A Tale of Two Cities - with Dragons by Charles Dickens and Steven DeWinter--I was directed to this book by a friend who knows my love of all things Charles Dickens. When I first picked up the kindle download, I admit I was worried that it would be a mockery of the classic, but that is not the case.
But First the Blurb:
The #1 Bestselling Novel of All Time is back with all new illustrations and a twist to the ending that brings the story together in a brand new way. If you've never read A Tale of Two Cities before, this is the version for you. If you have read the original, you will love this one even more.
With over 200 million copies sold, and opening and closing lines among the most familiar in all of literature, A Tale of Two Cities (1859) is one of the best known and most widely-read books in all of literary fiction.
Revised and updated, A Tale of Two Cities with Dragons (2015), re-imagines that revolutionary tale where the power of the throne is maintained through the use of magic. But that magic is waning as the wizards’ (spelled wixard in this edition) powers are diluted through inbreeding and frivolous living. Humans have had enough at the hands of the supposed elite and rise up to defeat their oppressors through the creation of a horrifying machine powerful enough to rend the heads of wixards from their bodies.
A TALE OF TWO CITIES WITH DRAGONS is a fantasy novel about those who abuse power and those who rise up to overthrow them; with a love story tossed in for good measure!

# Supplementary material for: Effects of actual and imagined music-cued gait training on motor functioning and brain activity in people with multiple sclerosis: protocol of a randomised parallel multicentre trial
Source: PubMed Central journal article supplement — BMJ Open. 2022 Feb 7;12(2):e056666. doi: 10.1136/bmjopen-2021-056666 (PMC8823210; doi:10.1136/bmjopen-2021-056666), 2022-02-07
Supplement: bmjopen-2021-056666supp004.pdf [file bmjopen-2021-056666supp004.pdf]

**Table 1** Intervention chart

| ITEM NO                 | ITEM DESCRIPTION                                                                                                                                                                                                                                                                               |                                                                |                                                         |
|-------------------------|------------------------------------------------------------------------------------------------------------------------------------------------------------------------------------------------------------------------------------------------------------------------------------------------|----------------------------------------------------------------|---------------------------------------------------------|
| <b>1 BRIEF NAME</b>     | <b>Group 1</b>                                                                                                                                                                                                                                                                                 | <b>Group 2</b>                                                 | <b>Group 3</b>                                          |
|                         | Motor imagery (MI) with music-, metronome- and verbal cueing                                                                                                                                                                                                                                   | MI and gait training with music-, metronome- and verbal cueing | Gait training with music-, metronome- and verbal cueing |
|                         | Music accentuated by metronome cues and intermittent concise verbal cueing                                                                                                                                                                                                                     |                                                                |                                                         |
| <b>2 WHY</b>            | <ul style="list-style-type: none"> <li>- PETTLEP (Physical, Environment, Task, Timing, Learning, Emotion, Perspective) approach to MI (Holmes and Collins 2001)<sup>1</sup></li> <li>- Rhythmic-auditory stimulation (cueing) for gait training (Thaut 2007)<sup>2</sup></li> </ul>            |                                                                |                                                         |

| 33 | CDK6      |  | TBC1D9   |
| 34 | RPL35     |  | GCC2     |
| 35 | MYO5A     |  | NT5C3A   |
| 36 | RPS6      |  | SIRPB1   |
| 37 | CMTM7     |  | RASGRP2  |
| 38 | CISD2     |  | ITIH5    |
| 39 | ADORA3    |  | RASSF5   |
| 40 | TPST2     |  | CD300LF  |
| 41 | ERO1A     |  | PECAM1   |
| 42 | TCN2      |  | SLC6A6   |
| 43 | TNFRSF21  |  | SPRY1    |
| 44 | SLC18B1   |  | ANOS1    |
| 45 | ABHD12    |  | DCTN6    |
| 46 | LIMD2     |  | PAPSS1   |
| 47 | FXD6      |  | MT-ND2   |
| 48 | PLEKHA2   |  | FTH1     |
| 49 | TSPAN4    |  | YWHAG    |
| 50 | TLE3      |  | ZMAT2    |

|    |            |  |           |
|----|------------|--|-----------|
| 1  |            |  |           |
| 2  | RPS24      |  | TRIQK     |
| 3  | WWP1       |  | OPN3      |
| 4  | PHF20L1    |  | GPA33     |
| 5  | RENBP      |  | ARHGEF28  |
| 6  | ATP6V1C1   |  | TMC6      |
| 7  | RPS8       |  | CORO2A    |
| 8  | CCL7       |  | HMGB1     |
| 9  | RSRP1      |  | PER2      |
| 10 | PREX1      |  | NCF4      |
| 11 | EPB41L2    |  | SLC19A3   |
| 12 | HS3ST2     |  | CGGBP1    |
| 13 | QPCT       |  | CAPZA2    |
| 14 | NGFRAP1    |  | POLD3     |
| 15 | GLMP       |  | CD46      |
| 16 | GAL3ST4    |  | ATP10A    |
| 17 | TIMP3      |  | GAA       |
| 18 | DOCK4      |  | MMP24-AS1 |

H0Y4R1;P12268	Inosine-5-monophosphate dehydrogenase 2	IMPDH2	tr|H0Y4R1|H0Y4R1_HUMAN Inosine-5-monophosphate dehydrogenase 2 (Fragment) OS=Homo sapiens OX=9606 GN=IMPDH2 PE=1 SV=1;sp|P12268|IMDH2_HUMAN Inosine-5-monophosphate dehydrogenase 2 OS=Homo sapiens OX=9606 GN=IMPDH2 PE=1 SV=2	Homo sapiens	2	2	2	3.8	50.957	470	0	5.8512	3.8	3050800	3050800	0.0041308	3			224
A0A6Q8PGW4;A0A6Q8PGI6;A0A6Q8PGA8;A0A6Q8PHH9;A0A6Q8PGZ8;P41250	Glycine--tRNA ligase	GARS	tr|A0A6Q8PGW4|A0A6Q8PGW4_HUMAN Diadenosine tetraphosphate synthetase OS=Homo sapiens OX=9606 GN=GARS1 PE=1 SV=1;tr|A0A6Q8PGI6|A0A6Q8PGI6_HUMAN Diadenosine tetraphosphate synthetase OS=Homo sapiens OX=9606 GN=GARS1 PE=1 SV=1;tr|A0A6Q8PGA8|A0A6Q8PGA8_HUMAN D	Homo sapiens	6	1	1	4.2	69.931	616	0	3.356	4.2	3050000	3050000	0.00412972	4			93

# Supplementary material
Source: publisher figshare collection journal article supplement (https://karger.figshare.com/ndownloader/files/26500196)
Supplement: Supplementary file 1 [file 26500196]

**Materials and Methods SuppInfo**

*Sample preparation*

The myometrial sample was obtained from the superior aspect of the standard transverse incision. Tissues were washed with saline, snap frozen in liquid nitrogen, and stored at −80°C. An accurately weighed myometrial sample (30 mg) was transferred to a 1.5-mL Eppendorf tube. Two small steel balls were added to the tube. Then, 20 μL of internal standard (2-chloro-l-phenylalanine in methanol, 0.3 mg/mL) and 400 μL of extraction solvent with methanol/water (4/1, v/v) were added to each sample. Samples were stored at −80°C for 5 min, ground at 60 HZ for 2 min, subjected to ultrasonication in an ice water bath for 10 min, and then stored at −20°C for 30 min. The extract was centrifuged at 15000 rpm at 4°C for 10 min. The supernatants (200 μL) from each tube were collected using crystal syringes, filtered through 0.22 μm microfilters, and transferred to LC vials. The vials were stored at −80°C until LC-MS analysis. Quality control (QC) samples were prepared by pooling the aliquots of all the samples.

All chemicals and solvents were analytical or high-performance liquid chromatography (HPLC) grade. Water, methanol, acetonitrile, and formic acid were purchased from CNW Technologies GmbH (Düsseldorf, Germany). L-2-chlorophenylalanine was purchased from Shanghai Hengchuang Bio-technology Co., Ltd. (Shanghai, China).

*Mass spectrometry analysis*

DeWinter treats the original storyline with great respect. The prose is quite heavy and Victorian, and for that reason, some will find this a difficult read. However, if you love Dickens, and if you love magic, stick with it.
The original novel depicts the plight of the French peasantry demoralized by the French aristocracy in the years leading up to the revolution, the corresponding brutality demonstrated by the revolutionaries toward the former aristocrats in the early years of the revolution. It portrays many unflattering social parallels with life in London during the same period.
This retelling follows the threads with all the proper characters in the right places: Mr. Lorry, Dr. Manette, and the Defarges, along with Mr. Cruncher, the Lucies, and Carton.
The replacing of the old aristocracy with the different kind of abusive aristocracy of “wixards” was an intriguing twist, and one that works well.
All in all, while it is sometimes hard to follow with regard to the Victorian prose, that is in keeping with the original as told by Dickens, and as a result this retelling parallels the original well, with just enough differences to keep it intriguing.